I have been reacting to segments of President Barack Obama’s inaugural speech and I conclude with my take on his words about climate change and gun control.
V. Climate Change
Progressives are thrilled by the fact that President Obama made several references to climate change in his inaugural speech but they should be prepared for disappointment, since Obama, in his first term, didn’t take international leadership nor did he push either of the two major lagislative proposals to deal with it: cap and trade, and a carbon tax. On the international front, the United States largely took a pass on the Doha climate change talks.
The Obama administration was not entirely inactive on the climate change front, as the EPA took some good actions to address it: 1) emission reductions from coal-fired plants; 2) limitations on mountaintop removal mining; and lowering the permissible limit on exposure to mercury. When EPA scientists, however, proposed tighter restrictions on smog, Obama killed the new rules in deference to industry concerns about costs.
Obama’s most significant action to reduce atmospheric contamination was probably to reach agreement with the automotive industry on higher vehicular miles-per-gallon standards to be achieved well into the future; however, even on this issue, Peter Bergel, executive director of Oregon Peaceworks, has made a strong case that given technological breakthroughs, Obama could have held out for even higher standards.
VI. Gun Control
During his first term, President Obama took no action to control firearms and even expanded the right to transport firearms by signing a bill to allow firearms in national parks. When the tragic shooting of Rep. Gabby Giffords occurred, Obama promised action on gun control but no action was forthcoming. It was only after the slaughter of young schoolchildren at Sandy Hook Elementary School that Obama proposed some “common sense” gun controls: an assault weapons ban, restrictions on the size of ammunition clips, background checks of every firearms sales transaction — a good idea but very hard to enforce — and a study of firearms violence. These are worthwhile ideas but they virtually ignore the prime instrument of firearms violence: the handgun.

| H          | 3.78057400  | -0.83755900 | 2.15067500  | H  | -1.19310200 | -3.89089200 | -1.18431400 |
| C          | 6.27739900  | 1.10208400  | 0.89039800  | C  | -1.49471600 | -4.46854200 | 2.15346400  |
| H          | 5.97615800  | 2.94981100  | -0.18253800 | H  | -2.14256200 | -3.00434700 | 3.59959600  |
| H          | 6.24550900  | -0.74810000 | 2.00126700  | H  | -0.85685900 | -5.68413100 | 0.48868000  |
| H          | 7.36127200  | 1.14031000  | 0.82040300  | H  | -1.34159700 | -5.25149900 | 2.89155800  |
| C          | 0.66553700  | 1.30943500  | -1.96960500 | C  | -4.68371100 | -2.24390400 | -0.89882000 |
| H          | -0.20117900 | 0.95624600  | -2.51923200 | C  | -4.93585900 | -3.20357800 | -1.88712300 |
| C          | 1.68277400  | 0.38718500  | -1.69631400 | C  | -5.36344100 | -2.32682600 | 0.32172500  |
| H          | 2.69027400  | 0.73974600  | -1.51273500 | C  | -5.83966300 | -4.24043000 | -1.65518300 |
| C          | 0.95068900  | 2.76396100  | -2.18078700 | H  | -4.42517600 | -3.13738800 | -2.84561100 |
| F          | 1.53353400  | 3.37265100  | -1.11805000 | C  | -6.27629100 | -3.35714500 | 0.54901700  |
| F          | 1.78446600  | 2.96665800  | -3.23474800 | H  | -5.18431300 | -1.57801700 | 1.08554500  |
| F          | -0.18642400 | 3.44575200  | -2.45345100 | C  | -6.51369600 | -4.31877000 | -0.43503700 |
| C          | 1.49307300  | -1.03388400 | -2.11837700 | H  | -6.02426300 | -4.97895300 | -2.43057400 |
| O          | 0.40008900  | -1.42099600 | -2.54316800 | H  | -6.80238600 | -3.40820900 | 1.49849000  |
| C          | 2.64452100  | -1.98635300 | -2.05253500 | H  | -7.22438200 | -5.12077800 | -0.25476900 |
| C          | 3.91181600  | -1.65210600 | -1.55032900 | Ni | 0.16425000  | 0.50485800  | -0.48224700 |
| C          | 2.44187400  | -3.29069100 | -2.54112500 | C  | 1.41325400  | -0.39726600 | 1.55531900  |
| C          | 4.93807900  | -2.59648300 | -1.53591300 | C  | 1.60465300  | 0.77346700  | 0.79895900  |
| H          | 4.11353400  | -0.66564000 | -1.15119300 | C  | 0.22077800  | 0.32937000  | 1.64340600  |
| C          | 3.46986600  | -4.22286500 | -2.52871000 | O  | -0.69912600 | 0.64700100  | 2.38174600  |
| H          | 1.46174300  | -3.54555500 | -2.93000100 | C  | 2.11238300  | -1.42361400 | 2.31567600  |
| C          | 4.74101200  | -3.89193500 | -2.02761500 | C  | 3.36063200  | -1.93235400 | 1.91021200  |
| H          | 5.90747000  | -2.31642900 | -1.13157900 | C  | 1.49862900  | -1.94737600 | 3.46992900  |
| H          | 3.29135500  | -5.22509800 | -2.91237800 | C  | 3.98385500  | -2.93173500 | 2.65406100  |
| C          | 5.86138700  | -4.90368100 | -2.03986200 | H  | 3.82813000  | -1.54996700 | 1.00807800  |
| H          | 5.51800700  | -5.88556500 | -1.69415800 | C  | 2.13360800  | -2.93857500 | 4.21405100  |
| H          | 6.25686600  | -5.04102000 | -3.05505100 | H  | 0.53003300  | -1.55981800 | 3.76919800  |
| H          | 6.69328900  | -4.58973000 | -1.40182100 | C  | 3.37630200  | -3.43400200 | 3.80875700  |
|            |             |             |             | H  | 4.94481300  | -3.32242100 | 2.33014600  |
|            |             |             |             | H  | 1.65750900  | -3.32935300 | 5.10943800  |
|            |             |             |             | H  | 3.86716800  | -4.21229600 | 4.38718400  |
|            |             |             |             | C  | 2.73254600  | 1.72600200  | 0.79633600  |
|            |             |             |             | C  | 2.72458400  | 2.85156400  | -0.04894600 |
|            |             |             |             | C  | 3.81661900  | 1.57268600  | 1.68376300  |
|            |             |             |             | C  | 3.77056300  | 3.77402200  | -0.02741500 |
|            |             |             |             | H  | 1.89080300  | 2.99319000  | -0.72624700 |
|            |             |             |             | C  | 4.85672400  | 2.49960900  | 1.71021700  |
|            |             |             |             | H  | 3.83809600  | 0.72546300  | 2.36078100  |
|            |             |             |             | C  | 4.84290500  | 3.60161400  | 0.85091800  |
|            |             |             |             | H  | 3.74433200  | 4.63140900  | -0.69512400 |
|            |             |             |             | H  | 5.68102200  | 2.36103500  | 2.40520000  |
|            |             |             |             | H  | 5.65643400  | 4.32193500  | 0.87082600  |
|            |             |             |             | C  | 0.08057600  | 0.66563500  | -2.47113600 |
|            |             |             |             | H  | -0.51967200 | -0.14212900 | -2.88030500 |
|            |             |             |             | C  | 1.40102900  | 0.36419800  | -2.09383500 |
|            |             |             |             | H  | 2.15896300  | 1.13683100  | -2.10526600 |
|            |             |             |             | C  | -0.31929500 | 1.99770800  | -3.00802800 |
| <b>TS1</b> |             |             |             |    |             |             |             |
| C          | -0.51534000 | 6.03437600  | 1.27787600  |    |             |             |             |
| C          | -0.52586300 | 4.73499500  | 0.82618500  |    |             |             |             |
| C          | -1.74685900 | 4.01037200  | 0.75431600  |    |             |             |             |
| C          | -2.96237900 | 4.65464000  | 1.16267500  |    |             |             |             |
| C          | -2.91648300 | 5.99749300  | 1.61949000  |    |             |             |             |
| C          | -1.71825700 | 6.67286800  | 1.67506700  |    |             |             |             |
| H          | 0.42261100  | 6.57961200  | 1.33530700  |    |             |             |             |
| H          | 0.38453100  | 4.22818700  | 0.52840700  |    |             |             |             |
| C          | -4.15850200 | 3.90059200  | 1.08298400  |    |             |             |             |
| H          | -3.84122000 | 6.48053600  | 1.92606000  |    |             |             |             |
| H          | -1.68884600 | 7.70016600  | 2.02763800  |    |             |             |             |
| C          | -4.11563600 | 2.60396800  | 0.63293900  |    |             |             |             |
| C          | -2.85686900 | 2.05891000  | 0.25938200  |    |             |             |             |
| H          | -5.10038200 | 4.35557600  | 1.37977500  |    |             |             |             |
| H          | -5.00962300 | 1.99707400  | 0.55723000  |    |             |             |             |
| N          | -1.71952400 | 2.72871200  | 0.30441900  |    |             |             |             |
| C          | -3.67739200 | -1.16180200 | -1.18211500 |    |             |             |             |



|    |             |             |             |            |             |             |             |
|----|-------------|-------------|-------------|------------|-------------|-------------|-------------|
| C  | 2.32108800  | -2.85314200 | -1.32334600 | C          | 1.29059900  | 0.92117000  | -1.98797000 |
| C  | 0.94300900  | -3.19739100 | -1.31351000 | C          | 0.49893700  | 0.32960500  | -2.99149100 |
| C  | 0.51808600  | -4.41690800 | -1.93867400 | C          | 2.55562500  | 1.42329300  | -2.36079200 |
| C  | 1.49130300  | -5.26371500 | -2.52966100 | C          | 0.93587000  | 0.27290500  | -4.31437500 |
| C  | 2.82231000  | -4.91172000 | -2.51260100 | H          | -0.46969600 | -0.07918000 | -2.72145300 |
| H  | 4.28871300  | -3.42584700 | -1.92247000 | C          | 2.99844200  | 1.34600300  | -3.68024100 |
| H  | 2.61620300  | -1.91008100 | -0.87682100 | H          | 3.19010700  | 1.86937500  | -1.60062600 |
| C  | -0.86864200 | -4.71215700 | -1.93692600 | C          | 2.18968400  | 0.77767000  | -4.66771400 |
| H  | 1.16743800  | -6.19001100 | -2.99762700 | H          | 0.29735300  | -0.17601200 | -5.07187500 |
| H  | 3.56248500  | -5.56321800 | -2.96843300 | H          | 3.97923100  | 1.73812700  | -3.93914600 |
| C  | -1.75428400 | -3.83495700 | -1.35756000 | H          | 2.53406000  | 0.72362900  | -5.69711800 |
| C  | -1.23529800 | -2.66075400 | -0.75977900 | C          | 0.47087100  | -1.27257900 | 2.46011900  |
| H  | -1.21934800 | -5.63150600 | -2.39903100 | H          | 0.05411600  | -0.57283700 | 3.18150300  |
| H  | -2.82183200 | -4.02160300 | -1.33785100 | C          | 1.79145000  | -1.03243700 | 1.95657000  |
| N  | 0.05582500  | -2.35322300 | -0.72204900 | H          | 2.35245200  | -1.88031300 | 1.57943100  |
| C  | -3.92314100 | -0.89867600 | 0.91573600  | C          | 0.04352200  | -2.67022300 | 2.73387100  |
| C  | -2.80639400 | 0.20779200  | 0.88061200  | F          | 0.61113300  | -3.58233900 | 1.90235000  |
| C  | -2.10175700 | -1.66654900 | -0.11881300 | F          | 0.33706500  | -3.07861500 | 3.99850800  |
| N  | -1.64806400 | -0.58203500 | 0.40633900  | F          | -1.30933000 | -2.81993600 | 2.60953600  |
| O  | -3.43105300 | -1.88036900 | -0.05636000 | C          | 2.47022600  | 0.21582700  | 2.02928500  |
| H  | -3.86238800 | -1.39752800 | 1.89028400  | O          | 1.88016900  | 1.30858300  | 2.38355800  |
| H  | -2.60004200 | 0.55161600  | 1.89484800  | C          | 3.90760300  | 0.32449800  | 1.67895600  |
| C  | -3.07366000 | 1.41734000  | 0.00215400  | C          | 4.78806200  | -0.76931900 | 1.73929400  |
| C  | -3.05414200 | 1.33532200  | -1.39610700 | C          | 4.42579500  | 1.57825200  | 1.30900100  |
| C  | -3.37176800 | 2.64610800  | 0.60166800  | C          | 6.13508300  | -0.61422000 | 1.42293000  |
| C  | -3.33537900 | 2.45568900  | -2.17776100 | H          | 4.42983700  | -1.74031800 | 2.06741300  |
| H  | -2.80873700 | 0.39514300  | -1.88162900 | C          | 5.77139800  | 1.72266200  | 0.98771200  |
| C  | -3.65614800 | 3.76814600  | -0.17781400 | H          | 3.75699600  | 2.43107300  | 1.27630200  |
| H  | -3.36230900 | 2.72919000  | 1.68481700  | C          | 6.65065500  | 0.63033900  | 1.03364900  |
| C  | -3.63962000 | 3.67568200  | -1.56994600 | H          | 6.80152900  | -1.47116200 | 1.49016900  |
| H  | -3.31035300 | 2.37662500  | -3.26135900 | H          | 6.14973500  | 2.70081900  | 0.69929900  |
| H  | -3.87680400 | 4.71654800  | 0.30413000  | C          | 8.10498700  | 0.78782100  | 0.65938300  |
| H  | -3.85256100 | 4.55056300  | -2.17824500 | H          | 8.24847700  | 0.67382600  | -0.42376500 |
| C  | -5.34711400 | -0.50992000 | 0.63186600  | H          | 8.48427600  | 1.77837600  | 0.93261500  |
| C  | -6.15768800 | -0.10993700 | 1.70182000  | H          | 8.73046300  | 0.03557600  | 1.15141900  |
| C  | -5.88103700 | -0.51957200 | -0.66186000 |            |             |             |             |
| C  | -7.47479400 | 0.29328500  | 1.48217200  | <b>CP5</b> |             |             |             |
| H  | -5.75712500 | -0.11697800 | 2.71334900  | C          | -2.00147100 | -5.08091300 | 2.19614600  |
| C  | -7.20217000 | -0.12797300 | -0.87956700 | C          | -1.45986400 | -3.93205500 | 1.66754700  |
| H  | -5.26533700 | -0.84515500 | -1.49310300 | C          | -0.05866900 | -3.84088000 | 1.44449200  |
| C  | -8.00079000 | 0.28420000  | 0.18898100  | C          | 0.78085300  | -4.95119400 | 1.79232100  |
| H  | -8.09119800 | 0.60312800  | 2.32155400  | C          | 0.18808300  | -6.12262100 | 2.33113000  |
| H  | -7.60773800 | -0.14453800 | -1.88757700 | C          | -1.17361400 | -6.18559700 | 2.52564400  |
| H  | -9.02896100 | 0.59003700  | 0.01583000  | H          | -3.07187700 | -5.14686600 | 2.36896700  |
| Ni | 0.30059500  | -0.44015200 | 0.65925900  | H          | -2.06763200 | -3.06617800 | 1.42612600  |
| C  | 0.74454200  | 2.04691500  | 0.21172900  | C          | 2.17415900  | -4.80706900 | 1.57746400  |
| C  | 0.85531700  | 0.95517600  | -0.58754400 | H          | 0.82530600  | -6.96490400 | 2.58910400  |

Year-after-year, FBI reports show that handguns are used in about half of homicides — long guns account for about seven percent — and the handgun is used in about two-thirds of suicides. Hnadguns cause far more injuries than they do deaths, leading to higher medical costs. The two most extensive studies of home defense guns — consisting mostly of handguns — are the Cleveland and Detroit studies. They show that four to six family members or visitors to the family are shot by a home defense firearm to every intruder shot with one.
Although I think that the Obama proposals will limit the carnage of mass shootings and thus merit support, his proposals don’t address the major firearms problem: the availability and proliferation of handguns. I propose a ban on the sale and inportation of handguns and handgun parts, along with a buy-back program of five to ten years duration. A sliding scale of payment would start with a 10 to 20 percent premium over the retail purchase price and then slide down every year thereafter. After the end of the buy-back program, a stiff fine — say $2,000 to $3,000 — would be levied on every person found in possession of a handgun. It is notable that one of the five national comnmissions which have been set up to study the problem of violence in the United States recommended a ban on the sale or inportation of handguns and handgun parts. The four other national commissions identified the handgun as an important instrument of the violence.
I realize that getting Obama’s more modest legislative proposals through Congress will be a formidable task, yet Obama could start educating the public about the fiearms problem, with a particular focus on handguns.